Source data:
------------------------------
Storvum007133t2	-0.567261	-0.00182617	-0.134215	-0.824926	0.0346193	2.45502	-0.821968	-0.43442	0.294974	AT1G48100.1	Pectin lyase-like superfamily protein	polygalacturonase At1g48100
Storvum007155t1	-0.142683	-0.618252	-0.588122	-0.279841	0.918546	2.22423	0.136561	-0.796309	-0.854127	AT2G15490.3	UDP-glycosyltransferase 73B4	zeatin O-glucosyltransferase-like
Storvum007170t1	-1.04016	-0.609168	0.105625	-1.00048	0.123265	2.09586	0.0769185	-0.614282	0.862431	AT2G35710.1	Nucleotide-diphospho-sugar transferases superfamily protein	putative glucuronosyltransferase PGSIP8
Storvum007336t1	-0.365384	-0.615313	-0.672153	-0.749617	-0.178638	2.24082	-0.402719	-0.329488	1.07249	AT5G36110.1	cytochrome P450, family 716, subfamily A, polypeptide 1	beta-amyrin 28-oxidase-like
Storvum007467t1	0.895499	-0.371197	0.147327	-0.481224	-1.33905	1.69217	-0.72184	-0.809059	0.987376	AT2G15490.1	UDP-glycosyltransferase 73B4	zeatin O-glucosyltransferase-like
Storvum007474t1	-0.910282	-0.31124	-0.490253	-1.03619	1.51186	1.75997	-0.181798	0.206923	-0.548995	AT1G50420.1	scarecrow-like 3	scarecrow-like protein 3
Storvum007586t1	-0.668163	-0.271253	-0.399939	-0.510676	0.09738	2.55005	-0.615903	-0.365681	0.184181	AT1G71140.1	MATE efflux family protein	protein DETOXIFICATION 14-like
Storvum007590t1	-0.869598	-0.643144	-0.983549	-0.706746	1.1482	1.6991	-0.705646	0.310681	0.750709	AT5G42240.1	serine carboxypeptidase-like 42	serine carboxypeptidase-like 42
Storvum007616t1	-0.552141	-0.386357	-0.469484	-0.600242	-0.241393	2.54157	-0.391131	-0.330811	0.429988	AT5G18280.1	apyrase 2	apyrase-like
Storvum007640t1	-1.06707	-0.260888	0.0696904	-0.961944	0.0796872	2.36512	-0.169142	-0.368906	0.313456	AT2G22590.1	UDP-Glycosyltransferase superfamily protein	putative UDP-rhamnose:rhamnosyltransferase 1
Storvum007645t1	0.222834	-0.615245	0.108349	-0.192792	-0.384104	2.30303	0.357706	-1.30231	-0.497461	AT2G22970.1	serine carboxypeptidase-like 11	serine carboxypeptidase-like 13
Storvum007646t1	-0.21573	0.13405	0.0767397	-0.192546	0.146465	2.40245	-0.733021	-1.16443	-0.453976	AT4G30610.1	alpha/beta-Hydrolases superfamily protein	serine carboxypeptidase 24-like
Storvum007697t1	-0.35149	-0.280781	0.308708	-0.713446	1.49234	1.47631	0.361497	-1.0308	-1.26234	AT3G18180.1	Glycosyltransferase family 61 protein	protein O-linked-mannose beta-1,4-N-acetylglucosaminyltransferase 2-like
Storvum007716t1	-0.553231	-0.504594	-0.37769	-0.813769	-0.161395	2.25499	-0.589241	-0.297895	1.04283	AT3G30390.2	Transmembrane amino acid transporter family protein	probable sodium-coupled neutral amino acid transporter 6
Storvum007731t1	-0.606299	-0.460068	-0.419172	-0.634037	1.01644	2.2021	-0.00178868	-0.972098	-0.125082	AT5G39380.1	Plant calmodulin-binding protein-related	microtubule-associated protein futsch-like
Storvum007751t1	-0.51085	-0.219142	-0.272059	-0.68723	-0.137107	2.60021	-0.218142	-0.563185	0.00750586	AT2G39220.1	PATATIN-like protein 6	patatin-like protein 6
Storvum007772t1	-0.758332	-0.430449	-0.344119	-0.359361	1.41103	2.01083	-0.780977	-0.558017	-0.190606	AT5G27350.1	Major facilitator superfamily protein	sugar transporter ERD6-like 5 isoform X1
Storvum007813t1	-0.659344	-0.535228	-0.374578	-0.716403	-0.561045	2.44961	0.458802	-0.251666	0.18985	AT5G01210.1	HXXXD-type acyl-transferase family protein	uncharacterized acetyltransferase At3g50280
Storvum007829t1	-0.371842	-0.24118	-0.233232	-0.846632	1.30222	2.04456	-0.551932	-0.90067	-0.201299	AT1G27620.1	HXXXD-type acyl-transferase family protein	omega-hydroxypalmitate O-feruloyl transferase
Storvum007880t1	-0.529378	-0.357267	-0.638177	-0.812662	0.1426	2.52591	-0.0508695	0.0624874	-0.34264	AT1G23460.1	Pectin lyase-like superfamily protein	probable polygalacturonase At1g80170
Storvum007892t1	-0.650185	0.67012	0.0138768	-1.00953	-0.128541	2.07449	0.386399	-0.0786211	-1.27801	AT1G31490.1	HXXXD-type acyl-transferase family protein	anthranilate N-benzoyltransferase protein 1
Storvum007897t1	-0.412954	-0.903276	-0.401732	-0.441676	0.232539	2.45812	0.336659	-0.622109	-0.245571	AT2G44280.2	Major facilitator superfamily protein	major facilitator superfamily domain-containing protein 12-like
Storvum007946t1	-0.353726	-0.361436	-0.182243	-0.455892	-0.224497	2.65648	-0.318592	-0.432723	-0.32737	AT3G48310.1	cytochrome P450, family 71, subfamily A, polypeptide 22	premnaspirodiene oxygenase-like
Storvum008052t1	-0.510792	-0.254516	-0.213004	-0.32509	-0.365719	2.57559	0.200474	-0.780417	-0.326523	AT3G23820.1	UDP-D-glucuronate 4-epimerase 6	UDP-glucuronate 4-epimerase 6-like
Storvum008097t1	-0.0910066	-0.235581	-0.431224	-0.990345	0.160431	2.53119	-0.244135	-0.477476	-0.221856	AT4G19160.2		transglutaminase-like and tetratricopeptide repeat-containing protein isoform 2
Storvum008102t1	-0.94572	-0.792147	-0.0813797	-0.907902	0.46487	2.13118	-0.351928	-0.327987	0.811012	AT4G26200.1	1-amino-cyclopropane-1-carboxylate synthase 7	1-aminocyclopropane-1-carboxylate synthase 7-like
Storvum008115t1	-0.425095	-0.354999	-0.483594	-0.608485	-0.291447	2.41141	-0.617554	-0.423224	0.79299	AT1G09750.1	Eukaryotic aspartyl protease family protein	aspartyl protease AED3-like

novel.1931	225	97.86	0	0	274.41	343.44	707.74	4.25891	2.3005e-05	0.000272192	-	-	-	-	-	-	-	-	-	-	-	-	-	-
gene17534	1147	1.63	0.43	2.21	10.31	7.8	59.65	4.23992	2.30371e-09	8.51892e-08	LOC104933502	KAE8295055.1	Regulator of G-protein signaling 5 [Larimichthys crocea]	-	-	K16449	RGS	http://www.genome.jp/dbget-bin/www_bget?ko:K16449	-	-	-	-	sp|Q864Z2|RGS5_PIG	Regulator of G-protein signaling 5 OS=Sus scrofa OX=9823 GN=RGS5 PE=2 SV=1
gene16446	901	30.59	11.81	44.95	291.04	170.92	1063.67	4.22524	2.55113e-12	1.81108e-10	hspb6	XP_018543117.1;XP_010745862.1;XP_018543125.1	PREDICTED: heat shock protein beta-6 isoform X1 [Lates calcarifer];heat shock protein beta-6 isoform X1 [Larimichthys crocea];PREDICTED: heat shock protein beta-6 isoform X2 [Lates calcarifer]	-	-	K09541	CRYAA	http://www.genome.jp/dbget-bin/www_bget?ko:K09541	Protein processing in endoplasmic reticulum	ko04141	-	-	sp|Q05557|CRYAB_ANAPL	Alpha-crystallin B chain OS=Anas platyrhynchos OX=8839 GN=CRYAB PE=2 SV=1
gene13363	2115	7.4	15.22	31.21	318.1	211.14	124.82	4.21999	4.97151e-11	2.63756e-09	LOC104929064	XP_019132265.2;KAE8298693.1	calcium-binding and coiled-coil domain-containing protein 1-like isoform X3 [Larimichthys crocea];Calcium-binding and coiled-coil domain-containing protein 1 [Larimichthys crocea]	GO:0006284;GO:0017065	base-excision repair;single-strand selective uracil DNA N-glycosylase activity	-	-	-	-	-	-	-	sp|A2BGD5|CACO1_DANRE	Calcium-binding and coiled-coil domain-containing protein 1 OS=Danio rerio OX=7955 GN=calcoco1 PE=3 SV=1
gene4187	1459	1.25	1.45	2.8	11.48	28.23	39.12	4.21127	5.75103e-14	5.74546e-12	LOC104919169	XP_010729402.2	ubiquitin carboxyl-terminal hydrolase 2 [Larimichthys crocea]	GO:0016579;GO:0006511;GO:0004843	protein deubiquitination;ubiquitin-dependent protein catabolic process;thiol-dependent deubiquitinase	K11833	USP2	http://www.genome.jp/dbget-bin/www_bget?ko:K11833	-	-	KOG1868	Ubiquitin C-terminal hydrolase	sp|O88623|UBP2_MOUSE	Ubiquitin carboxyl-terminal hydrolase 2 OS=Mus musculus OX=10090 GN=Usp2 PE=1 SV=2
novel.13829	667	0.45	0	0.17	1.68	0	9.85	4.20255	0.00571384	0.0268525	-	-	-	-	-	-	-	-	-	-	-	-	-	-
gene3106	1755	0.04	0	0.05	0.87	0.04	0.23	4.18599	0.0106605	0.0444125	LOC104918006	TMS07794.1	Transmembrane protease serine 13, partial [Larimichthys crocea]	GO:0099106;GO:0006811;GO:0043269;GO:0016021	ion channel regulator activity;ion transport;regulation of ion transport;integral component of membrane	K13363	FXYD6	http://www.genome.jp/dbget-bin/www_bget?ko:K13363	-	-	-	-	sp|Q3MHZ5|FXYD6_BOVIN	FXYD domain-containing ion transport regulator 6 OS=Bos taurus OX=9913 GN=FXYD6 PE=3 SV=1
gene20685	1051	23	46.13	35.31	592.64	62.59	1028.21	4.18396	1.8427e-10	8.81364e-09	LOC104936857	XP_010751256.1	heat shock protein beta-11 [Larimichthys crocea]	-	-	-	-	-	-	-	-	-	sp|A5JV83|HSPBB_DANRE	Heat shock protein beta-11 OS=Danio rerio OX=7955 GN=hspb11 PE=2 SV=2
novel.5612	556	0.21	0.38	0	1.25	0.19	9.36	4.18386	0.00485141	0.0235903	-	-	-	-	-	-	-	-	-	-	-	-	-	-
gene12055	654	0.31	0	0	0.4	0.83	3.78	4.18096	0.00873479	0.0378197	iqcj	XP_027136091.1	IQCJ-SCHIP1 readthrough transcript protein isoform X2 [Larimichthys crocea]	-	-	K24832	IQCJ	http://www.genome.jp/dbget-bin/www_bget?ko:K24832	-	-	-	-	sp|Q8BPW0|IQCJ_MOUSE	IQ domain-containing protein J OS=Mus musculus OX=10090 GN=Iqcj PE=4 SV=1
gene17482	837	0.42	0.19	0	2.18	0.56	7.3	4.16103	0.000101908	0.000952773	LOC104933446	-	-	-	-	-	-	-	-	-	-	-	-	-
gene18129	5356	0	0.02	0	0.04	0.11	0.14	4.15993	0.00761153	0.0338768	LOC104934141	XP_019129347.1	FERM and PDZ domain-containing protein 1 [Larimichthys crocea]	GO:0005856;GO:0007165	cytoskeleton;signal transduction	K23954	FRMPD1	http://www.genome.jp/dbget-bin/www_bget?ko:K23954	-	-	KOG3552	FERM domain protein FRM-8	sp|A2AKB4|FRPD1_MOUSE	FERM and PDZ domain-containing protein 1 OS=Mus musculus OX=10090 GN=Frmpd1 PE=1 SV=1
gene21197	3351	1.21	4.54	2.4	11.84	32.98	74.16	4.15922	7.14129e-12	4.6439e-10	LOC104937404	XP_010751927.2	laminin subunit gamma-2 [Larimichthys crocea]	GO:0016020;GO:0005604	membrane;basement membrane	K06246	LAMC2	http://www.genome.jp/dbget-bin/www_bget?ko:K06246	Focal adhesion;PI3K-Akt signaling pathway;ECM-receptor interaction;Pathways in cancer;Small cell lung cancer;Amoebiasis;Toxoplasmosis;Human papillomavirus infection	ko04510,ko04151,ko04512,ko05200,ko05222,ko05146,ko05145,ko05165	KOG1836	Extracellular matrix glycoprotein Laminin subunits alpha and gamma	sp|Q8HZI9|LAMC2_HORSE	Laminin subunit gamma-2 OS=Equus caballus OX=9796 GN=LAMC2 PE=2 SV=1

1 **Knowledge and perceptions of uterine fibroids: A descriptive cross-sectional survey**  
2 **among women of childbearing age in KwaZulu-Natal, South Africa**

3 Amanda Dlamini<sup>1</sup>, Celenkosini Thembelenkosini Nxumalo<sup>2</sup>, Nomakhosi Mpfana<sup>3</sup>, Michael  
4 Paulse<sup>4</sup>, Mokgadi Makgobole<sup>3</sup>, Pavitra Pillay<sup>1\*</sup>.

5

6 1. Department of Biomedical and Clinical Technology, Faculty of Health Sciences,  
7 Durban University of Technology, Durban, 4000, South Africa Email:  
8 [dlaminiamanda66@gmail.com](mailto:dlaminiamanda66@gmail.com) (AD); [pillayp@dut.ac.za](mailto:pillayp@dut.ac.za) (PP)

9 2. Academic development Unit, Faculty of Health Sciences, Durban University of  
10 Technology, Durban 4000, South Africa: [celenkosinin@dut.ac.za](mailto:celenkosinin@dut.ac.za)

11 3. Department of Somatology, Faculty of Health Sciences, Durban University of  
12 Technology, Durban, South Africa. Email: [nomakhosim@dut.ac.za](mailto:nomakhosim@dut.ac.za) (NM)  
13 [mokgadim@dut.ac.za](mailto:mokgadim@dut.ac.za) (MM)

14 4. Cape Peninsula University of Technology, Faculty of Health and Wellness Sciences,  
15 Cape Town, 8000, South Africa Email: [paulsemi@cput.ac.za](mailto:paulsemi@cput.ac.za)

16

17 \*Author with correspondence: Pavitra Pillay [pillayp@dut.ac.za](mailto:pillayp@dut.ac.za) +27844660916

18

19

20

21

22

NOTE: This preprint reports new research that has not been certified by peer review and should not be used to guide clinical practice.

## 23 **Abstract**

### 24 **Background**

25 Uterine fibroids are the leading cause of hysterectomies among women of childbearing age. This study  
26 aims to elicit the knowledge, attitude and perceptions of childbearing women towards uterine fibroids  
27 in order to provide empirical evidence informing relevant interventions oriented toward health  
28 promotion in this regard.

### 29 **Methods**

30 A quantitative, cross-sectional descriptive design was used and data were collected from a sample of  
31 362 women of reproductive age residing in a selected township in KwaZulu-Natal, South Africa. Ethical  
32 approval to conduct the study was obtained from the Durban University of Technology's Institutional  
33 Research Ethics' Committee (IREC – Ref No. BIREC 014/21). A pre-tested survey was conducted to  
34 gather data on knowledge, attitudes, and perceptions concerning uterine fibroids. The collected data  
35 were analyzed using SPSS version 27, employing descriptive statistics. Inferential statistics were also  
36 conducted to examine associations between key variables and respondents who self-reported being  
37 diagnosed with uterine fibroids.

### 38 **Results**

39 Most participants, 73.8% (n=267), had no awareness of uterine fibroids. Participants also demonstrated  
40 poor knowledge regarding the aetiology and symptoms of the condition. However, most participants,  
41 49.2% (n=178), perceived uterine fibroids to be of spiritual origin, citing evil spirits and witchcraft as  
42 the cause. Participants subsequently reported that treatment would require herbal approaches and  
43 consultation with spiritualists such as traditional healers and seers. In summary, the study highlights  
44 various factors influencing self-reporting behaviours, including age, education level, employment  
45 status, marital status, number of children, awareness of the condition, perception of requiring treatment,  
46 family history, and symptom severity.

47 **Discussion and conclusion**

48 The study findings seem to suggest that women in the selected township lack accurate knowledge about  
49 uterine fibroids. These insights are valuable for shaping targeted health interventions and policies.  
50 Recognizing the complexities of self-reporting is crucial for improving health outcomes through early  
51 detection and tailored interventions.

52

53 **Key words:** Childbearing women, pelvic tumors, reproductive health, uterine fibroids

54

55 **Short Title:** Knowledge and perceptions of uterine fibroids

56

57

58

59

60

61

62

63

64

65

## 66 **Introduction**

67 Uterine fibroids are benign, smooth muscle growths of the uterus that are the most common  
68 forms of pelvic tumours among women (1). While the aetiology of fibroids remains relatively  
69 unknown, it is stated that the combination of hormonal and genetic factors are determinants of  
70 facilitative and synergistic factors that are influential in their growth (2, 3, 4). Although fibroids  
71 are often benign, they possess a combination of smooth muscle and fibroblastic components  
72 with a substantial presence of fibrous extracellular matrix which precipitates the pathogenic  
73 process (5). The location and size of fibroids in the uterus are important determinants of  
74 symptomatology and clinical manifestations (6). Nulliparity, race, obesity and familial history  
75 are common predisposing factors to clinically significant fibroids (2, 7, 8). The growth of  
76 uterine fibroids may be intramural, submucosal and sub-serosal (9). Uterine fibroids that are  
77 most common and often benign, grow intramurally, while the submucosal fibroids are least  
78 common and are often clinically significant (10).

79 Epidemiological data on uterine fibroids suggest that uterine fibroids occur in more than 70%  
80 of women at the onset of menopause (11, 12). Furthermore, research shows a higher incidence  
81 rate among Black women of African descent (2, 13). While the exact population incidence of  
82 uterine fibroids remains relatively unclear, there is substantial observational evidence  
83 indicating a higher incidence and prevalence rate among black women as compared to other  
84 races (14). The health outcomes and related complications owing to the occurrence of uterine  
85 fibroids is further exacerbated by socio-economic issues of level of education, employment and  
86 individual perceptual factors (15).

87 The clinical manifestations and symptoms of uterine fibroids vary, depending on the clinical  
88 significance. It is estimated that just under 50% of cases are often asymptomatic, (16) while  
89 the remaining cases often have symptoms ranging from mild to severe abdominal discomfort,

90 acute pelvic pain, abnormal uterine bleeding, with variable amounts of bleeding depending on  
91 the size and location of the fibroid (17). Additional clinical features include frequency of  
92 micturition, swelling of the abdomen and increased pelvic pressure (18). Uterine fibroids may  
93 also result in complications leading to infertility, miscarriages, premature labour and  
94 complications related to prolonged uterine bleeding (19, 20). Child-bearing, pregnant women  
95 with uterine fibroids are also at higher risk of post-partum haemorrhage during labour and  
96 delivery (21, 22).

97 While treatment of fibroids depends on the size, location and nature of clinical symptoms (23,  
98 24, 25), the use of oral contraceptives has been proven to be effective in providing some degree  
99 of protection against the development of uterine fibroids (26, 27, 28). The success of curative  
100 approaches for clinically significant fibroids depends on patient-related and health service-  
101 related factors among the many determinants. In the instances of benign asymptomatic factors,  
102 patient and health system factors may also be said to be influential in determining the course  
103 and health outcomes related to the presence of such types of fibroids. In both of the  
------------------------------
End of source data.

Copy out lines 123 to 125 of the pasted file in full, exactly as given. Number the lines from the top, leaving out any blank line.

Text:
82 uterine fibroids remains relatively unclear, there is substantial observational evidence  
83 indicating a higher incidence and prevalence rate among black women as compared to other  
84 races (14). The health outcomes and related complications owing to the occurrence of uterine  